At college football practice one day, a teammate of mine was late, so we all ran around the perimeter of the field for close to an hour. This particular practice happened to occur the day after a long night on the town, a rarity for my in season playing days. Let’s just say those White Castle burgers that tasted so good the night before, didn’t taste so great after 30 or so laps around the old practice field.
Fast forward a decade to the spring of 2009. It seemed time to loosen the reins on my control freak grip of my fledgling business, and allow others to help. As busy as we were, outsourcing some of our core jobs just made sense. Unfortunately my experience hasn’t always been stellar, and to be frank, things tended to get worse the more I allowed others to partake in critical tasks that kept my business afloat each day.
A few years ago I tasked an employee with sending payments to the 65 contractors that were to be paid that week, boy was that a huge mistake. After thousands of dollars in clerical errors, and being told I was a “bad human being” through a popular rant website, the ordeal left me with a new perspective on outsourcing, and one less employee. I could literally tell similar stories all day long, the common thread though is much larger than financial losses, or the reputation of one person. It is about the team.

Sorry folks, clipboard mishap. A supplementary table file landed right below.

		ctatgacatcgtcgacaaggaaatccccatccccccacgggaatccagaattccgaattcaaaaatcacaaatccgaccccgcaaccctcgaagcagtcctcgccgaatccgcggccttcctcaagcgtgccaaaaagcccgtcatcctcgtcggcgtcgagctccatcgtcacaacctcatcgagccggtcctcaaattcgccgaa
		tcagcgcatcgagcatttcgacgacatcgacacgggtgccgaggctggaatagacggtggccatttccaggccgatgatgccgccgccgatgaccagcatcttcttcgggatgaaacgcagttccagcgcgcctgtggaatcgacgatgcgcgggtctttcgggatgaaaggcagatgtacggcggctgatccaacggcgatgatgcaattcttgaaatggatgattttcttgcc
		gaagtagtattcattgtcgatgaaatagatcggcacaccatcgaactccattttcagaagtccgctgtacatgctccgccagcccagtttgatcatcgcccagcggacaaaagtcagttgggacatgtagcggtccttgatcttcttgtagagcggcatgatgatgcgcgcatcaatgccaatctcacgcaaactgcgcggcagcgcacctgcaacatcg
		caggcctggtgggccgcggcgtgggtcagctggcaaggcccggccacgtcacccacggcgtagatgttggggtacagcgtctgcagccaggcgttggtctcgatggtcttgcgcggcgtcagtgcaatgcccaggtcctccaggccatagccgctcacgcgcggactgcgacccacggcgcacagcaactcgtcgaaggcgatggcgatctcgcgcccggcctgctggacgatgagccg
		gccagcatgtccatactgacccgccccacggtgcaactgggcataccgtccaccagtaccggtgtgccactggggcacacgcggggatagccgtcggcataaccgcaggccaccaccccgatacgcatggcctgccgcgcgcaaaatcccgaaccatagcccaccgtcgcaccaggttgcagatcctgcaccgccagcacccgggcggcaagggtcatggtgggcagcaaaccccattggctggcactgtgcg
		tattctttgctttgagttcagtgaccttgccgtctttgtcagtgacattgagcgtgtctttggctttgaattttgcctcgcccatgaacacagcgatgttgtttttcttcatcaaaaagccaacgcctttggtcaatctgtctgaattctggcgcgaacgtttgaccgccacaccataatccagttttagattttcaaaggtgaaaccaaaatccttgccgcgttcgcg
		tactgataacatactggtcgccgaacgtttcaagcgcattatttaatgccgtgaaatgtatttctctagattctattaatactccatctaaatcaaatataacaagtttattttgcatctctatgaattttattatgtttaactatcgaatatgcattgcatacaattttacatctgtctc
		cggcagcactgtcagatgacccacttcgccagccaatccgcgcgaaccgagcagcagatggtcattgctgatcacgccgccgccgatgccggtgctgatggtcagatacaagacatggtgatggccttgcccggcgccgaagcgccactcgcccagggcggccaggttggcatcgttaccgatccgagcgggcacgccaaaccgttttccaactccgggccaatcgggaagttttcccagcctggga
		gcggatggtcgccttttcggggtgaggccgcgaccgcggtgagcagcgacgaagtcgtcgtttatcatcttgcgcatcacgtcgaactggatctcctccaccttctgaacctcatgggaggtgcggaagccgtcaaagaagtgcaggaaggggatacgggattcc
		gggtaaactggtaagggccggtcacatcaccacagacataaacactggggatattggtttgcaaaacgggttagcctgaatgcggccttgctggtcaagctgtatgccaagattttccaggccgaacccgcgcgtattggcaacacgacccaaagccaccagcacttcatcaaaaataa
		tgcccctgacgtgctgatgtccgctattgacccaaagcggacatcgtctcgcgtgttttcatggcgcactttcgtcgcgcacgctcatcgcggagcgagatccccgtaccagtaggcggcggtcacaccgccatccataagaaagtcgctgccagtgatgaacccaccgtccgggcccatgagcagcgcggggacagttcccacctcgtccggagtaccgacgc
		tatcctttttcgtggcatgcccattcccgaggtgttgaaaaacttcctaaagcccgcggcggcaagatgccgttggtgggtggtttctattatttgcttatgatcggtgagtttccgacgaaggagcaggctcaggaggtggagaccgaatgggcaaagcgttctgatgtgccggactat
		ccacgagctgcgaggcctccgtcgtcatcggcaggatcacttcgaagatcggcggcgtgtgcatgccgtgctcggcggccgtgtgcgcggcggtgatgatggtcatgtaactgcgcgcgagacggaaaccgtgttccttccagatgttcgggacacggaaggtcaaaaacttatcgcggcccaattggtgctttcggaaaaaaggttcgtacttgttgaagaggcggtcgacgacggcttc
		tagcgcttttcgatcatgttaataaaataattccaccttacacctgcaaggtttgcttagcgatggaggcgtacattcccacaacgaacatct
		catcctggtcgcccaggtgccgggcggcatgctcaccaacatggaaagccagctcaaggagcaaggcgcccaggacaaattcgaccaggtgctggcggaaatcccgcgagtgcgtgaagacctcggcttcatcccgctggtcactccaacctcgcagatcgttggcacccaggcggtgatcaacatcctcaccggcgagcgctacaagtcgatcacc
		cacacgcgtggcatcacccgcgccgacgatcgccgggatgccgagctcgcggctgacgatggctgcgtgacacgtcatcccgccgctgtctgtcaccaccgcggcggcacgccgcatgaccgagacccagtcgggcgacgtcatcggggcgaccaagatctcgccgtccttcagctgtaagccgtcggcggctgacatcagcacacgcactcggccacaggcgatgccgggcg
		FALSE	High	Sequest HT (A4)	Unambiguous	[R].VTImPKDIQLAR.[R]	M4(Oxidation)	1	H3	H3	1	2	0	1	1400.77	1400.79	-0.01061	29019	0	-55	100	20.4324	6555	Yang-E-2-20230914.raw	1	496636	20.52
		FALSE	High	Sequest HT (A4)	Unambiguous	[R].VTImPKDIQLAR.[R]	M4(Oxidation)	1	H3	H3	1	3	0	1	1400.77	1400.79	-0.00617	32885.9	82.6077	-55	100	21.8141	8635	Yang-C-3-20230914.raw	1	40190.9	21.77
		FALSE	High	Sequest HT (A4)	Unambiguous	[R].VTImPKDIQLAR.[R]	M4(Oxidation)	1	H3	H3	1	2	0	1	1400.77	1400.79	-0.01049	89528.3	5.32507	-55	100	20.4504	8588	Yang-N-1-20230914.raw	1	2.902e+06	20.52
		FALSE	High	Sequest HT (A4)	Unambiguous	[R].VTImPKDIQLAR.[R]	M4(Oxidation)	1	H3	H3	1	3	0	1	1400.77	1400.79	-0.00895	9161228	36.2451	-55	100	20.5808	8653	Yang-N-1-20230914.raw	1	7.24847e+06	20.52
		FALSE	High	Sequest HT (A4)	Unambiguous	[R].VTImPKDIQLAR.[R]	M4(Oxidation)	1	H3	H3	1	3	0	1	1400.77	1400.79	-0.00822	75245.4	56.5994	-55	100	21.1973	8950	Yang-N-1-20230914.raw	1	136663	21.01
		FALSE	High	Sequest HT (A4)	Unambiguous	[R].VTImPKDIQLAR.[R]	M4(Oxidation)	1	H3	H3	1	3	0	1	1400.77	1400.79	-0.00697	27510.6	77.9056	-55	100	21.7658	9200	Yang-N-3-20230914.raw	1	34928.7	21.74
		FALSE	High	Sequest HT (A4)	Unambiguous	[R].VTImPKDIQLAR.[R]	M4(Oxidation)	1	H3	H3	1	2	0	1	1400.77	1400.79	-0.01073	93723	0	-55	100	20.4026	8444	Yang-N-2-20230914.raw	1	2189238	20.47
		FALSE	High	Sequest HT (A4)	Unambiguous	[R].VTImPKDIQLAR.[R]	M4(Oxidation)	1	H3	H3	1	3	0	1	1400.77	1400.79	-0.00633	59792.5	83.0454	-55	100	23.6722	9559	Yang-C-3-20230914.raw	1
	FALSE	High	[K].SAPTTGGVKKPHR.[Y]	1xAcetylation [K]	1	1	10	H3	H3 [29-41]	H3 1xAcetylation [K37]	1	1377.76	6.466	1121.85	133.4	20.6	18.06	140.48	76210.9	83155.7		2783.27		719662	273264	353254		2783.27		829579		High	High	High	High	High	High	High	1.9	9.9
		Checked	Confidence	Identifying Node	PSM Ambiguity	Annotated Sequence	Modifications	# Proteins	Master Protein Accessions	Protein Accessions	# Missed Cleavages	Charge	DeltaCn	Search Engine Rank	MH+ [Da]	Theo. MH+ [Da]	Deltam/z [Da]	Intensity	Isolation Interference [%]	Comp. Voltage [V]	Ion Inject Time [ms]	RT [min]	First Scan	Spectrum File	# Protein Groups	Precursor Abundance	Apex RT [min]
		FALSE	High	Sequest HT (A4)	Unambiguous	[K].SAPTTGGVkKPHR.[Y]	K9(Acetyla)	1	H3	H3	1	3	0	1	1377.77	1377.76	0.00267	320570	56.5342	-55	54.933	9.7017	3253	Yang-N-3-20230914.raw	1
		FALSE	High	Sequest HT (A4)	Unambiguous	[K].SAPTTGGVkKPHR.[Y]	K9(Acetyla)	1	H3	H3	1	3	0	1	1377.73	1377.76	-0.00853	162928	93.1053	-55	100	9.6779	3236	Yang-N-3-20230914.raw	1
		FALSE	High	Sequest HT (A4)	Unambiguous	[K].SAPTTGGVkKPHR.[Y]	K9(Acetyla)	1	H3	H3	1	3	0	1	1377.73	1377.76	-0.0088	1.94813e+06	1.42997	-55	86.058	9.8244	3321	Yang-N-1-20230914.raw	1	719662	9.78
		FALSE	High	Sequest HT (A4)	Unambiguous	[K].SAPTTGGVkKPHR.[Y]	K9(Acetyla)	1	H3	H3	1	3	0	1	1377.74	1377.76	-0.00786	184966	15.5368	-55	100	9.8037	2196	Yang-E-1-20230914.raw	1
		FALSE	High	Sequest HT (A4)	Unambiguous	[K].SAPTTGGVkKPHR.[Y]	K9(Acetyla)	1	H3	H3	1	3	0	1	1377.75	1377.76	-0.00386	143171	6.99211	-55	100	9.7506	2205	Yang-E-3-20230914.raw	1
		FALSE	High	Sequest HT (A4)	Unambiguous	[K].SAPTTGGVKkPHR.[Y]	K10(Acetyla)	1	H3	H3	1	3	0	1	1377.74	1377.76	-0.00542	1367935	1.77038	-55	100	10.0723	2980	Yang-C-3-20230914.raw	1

The lesson from that day on the field, besides not to eat White Castle hours before running, was that it just takes one person to negatively impact an entire organization. It just takes one.
With over 700 contractors working for my company today, I’m far from an opponent of outsourcing jobs, rather I caution those that do outsource to uphold a zero tolerance standard on subpar behavior, and if it comes to it, make ‘em run around the preverbal field all day to punctuate the point.